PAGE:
This Austerity Index survey was conducted in June using SONAR™, JWT’s proprietary online tool. The JWT Austerity Index is a quarterly study that analyzes the impact of prolonged economic adversity on British consumers and markets. The Q2 report is available to download here. The Q1 report is also available for download, here.
Today people are connected in so many ways, and yet in this globalized, fast-paced world, many people feel their interactions with friends and family have become more distant and impersonal. As we have reported, a range of brands (including Nestlé’s Abuelita in Mexico, Nescafé in Australia, the U.K.’s National Rail, and Tostitos in the U.S.) have responded to anxieties around losing connections to loved ones and missing out on family traditions by positioning their products as a means to get closer and reunite. Skype has joined in on this concept but from the digital perspective, emphasizing that online connections can help maintain strong ties when families are separated by long distances.
Skype’s “Stay Together” campaign illustrates that instead of breaking down family traditions, the Internet service enables people to maintain them. “Stay Together stories” show modern iterations of the family portrait, with Skype video from one end of the connection projected onto a wall at the other end, so the family can pose together; artist John Clang then creates a portrait. A 10-year-old in L.A., for instance, poses next to her cousin in Brazil to see how much taller the older girl has grown. The campaign also asks consumers to share their own stories about how they stay together with important people in their lives. There’s also a personal storytelling competition, and the most compelling entry will win an “Impossible Family Portrait” and a $10,000 travel certificate to bring relatives together in real life.
One of the anxieties that has grown in the wake of Japan’s earthquake, tsunami and nuclear disaster—one that often follows traumatic experiences—is a fear of being alone. Evidence points to a rise in weddings and engagements: McKinsey & Co.’s June report on Japan’s luxury market says this has helped keep sales of watches and jewelry strong. For example Ginza Tanaka, a major jewelry company, reports that sales of engagement and marriage rings jumped 20 percent year over year in April and May. Takashimaya, the department store, has “never seen anything like this” in terms of ring sales, an employee told The Financial Times. And according to O-net, a popular dating service, marriages among female members have increased 30 to 40 percent and enrollment requests have spiked 40 percent since May in Kanto and the Tokyo metropolitan area.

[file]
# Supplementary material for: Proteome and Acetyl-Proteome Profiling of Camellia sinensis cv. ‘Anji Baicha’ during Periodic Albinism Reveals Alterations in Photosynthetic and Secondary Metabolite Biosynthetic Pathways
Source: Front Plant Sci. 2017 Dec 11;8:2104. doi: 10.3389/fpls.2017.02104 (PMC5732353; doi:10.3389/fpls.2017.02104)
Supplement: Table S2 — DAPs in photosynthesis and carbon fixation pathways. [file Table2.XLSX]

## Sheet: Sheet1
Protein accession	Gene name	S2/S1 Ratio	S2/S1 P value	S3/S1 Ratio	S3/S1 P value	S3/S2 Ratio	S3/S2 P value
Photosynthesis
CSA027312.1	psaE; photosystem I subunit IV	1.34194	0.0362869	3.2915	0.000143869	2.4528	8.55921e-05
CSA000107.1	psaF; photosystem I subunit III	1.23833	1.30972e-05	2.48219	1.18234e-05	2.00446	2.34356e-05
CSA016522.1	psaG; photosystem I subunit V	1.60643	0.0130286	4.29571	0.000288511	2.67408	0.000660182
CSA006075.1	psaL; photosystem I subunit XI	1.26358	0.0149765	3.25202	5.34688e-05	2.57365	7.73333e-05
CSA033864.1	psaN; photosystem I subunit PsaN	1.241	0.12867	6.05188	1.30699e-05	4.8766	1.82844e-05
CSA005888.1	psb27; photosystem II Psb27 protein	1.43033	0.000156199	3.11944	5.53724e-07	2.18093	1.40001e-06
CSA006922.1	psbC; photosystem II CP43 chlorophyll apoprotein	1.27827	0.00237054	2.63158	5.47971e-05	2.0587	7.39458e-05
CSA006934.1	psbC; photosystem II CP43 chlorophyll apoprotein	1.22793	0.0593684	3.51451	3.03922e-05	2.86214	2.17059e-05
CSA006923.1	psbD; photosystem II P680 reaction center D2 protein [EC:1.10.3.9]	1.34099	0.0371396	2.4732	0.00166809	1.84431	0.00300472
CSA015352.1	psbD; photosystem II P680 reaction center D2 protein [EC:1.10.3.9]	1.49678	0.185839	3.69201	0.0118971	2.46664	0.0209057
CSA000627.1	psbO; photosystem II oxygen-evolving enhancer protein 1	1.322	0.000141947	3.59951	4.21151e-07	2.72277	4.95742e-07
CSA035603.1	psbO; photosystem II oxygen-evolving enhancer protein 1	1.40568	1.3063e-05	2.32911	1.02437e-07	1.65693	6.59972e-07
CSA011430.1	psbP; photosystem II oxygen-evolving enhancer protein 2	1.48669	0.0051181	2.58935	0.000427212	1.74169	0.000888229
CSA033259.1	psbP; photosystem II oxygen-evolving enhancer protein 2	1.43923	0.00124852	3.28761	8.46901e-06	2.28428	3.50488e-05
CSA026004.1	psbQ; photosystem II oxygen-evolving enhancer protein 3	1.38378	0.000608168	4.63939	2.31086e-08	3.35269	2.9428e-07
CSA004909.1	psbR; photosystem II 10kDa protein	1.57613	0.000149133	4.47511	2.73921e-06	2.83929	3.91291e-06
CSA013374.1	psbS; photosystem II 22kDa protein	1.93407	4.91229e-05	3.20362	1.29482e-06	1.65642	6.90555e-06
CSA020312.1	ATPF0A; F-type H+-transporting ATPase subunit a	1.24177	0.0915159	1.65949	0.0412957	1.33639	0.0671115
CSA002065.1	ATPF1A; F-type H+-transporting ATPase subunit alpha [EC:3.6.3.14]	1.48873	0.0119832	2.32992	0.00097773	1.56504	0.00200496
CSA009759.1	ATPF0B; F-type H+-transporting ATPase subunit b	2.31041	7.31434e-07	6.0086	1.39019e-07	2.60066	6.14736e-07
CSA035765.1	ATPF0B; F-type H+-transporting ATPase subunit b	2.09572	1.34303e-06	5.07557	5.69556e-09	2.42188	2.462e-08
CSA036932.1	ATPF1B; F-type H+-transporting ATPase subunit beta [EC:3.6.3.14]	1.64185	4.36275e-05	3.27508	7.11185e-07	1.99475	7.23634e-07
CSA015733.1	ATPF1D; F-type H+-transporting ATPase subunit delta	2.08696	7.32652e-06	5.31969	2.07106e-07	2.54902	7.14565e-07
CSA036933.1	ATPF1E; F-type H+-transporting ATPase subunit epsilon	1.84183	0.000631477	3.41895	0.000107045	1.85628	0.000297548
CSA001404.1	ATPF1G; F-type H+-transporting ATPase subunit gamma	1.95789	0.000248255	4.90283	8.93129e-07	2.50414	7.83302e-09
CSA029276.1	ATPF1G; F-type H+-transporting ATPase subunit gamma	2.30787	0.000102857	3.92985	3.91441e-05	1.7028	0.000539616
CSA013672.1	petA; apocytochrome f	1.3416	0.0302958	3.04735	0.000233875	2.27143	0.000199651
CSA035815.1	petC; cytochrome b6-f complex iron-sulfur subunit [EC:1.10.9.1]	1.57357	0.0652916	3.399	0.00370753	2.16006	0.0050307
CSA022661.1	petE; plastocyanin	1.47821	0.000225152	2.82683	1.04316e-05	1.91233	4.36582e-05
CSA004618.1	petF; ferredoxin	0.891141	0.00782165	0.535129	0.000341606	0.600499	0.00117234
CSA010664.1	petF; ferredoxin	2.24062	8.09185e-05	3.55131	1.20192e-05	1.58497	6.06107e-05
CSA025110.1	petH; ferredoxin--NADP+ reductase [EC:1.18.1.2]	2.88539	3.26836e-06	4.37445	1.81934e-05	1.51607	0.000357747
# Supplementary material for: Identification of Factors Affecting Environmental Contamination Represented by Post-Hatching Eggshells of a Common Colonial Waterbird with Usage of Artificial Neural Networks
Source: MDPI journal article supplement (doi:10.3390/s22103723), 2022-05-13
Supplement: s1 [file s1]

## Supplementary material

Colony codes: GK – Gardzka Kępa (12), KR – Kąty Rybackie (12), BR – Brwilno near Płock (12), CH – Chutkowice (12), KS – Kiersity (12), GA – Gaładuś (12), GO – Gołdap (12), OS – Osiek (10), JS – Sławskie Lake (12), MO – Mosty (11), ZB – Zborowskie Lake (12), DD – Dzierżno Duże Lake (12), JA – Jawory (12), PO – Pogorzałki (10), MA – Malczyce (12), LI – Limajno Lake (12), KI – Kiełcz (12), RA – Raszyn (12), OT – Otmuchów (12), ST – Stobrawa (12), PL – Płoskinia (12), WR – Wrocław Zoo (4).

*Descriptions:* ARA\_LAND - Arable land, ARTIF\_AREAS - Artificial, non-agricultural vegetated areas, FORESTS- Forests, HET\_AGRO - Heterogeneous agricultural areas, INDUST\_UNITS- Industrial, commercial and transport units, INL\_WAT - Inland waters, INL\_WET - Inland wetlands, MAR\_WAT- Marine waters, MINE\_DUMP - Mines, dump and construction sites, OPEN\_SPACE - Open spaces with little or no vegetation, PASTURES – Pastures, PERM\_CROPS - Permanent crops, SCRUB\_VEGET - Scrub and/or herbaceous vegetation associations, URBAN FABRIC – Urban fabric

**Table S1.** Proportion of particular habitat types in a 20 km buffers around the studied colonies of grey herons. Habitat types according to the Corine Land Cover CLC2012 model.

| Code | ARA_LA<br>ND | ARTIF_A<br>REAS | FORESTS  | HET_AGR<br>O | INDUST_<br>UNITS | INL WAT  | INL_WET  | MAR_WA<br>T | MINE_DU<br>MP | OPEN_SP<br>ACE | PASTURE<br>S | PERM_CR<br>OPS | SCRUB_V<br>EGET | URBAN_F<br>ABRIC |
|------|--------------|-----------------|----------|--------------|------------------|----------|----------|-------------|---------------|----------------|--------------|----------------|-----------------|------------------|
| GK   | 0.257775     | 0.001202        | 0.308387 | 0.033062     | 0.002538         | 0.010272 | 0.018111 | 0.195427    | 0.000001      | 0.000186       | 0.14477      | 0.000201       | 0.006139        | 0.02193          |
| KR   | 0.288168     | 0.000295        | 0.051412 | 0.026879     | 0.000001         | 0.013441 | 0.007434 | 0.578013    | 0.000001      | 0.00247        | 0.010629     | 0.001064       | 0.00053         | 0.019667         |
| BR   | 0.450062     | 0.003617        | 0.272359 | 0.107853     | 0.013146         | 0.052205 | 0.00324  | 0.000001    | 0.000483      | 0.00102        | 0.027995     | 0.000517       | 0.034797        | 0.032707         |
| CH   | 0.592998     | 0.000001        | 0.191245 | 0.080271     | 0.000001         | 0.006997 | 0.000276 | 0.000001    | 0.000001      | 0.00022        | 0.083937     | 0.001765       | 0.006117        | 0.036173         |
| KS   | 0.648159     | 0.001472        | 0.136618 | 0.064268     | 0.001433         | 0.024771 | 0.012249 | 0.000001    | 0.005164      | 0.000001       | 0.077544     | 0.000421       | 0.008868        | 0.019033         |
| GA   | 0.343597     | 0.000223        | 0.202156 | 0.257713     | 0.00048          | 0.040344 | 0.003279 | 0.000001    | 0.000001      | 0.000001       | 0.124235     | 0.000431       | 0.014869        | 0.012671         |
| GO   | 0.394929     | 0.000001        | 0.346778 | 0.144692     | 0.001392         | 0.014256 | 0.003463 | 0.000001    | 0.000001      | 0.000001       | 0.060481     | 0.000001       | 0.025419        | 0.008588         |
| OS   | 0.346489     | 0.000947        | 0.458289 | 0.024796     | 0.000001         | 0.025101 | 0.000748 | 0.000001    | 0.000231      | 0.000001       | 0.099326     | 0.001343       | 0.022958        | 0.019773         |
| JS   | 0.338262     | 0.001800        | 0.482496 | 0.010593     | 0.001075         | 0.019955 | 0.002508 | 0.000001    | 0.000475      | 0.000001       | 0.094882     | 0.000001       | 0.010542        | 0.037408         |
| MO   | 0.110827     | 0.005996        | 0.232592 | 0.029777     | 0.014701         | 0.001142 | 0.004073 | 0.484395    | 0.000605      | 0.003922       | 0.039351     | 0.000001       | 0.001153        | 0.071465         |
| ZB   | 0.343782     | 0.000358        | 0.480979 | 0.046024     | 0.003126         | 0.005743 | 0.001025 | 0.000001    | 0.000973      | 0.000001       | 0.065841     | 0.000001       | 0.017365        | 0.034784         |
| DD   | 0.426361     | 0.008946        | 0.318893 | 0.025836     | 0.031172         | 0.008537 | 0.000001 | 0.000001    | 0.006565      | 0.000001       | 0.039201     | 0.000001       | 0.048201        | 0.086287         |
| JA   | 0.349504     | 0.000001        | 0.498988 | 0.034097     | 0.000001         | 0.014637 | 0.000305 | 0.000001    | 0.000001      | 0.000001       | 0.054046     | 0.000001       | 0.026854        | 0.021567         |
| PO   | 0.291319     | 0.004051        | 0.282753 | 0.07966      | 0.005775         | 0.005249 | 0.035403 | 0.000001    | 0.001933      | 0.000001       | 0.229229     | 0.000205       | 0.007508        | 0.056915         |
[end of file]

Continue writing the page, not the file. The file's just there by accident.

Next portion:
People are coming to more deeply recognize the importance of not only family but other types of “kizuna” (bonds/ties). My next-door neighbor here in Tokyo, whom I hardly know, gave me some rice and mineral water in the period after the earthquake when supermarket supplies ran short (many parents living in the western part of Japan, which was not affected, were sending goods to their children, but my parents live in Tokyo). I was happy to make a new “kizuna.” We can expect to see continued demand for and consumption of products and services that promote “kizuna” between people other than family, and marketing messages that tap into this idea.